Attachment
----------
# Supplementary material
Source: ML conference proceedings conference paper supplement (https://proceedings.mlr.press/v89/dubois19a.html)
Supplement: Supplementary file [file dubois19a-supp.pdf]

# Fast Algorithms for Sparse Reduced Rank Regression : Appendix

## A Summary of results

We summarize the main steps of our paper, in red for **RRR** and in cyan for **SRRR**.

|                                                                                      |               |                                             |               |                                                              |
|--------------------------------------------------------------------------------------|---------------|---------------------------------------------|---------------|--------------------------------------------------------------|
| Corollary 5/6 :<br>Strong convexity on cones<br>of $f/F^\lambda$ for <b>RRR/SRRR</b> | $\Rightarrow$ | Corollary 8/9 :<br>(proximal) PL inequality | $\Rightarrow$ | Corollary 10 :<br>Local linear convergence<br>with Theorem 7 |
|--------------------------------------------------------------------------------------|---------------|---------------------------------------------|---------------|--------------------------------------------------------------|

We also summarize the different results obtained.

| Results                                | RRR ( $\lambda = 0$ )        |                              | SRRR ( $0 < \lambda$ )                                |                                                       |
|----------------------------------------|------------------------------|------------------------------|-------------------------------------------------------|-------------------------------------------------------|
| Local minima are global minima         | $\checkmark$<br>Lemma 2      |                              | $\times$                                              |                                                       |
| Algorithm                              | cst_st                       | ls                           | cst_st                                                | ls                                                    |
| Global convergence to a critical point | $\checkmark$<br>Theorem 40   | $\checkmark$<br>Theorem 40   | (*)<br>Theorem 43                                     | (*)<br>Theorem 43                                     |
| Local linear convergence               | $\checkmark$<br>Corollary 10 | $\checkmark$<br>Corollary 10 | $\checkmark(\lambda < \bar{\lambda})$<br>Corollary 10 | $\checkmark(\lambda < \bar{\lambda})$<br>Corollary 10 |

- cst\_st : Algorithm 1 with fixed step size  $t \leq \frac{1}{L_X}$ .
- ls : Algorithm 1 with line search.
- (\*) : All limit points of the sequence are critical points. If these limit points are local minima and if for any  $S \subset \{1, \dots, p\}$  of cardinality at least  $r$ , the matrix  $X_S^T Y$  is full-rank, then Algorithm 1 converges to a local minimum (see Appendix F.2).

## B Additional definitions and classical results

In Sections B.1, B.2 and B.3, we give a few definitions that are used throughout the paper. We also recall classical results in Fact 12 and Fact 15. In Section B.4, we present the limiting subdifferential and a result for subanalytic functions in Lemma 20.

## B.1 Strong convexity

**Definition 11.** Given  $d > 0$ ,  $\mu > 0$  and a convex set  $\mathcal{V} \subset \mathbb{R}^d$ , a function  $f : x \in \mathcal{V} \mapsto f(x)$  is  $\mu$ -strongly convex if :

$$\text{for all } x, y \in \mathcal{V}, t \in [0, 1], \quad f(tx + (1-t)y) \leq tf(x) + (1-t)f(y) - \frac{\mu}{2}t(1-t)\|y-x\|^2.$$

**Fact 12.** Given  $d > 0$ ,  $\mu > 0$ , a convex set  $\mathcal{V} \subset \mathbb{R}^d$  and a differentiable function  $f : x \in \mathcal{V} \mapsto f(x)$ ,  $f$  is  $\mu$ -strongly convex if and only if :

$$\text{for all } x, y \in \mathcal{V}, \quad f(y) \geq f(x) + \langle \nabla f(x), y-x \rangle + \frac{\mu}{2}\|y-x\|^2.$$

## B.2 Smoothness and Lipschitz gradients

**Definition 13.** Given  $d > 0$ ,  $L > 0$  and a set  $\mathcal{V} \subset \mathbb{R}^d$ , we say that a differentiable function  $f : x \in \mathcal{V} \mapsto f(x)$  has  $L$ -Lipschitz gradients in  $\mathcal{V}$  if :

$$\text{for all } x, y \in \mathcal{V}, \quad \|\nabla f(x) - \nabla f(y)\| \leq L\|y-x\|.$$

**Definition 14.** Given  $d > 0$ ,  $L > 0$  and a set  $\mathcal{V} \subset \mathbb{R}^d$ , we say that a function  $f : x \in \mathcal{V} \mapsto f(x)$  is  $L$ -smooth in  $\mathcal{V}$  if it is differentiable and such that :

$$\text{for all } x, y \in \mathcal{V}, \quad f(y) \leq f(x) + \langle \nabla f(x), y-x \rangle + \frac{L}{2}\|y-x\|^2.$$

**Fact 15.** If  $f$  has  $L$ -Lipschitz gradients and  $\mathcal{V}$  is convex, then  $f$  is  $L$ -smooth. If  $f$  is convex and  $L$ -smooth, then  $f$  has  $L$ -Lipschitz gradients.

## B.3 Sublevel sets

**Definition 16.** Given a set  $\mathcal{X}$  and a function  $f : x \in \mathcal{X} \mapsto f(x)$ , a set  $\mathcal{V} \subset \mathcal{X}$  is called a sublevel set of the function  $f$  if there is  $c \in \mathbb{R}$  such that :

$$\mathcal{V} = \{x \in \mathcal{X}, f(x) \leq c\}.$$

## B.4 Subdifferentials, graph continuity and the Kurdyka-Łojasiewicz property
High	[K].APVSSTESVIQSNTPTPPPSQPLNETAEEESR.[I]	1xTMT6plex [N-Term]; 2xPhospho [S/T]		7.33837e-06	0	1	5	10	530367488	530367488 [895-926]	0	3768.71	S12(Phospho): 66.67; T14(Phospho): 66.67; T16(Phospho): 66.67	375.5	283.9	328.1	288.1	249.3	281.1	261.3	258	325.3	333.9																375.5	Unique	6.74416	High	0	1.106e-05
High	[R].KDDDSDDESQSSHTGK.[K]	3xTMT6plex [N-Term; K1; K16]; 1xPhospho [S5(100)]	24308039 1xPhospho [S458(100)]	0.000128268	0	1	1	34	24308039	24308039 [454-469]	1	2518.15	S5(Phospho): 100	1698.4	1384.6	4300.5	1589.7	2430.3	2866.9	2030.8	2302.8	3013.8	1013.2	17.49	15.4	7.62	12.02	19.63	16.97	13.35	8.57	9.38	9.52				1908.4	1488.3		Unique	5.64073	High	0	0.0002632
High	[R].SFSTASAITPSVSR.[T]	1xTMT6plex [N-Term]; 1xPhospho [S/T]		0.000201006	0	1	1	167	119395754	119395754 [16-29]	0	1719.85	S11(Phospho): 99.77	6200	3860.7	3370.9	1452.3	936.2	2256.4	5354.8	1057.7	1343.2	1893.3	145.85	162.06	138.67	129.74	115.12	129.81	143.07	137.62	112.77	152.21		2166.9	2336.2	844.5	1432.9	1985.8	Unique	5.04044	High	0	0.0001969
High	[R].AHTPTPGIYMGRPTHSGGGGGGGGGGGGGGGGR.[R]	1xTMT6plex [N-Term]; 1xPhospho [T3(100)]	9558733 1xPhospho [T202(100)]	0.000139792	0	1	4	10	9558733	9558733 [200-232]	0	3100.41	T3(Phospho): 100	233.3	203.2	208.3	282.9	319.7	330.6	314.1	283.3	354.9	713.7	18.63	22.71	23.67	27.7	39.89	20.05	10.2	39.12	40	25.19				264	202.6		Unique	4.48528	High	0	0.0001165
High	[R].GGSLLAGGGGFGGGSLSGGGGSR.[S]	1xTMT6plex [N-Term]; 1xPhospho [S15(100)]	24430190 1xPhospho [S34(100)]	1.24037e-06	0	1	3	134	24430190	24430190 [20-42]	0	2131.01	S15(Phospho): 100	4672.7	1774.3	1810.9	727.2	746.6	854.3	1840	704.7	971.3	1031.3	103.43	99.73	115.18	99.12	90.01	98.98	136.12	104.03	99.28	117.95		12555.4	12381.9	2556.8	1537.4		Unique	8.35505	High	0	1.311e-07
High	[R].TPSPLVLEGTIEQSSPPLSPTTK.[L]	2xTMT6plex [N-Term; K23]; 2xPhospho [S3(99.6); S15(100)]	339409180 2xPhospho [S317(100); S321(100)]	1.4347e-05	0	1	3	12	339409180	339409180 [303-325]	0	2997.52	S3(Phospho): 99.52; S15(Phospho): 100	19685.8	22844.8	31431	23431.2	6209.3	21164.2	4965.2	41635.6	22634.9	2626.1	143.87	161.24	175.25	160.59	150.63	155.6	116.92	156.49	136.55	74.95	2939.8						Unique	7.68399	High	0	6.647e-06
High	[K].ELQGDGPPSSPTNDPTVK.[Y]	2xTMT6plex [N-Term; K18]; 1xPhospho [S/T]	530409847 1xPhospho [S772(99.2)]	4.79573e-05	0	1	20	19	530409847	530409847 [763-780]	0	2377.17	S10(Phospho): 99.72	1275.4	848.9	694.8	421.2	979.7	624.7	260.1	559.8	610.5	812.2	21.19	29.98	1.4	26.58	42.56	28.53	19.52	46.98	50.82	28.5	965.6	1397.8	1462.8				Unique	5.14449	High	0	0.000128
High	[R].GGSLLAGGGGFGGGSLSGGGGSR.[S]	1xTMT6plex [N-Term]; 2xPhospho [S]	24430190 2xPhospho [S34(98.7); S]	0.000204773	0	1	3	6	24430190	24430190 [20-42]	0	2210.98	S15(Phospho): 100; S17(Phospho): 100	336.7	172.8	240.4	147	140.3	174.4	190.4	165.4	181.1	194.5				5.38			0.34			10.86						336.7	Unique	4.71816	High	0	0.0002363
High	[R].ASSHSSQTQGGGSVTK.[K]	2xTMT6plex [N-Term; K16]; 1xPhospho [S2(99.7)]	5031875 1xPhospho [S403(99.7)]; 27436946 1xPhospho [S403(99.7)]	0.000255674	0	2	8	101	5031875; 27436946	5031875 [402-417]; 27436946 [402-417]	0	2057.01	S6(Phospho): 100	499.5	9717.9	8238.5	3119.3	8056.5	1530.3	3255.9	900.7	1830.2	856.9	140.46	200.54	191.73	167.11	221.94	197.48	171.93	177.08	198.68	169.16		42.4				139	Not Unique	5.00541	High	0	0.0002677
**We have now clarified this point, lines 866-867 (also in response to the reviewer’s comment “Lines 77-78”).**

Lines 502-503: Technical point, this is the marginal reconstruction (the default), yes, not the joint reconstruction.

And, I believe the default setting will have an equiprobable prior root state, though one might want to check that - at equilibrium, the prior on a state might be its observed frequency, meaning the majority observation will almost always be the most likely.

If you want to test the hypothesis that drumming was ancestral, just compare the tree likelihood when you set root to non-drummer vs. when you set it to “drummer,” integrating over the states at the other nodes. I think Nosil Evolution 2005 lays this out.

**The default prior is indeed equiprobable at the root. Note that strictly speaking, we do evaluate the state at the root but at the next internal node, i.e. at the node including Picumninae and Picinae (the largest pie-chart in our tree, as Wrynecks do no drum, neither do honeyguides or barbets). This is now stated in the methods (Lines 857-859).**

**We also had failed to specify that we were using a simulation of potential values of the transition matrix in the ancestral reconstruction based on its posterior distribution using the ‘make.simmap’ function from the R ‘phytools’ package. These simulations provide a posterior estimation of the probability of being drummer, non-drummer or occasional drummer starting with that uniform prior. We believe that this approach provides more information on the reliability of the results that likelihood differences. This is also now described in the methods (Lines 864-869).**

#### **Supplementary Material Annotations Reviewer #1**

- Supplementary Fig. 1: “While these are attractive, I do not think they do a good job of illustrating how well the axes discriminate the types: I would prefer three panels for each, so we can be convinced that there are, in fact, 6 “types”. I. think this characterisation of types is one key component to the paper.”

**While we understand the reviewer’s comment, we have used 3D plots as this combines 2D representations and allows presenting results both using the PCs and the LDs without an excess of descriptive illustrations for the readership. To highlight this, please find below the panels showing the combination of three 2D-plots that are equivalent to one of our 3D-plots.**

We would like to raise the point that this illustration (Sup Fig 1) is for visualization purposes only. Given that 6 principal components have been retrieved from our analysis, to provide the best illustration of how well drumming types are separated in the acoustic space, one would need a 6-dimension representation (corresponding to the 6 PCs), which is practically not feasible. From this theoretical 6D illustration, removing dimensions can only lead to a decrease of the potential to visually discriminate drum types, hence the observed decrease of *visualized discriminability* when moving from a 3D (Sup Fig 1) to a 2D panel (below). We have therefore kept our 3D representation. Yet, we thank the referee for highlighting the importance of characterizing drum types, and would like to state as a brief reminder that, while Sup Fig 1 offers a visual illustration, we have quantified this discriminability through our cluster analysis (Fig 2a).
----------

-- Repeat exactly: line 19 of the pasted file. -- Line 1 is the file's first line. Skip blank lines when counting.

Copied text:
- ls : Algorithm 1 with line search.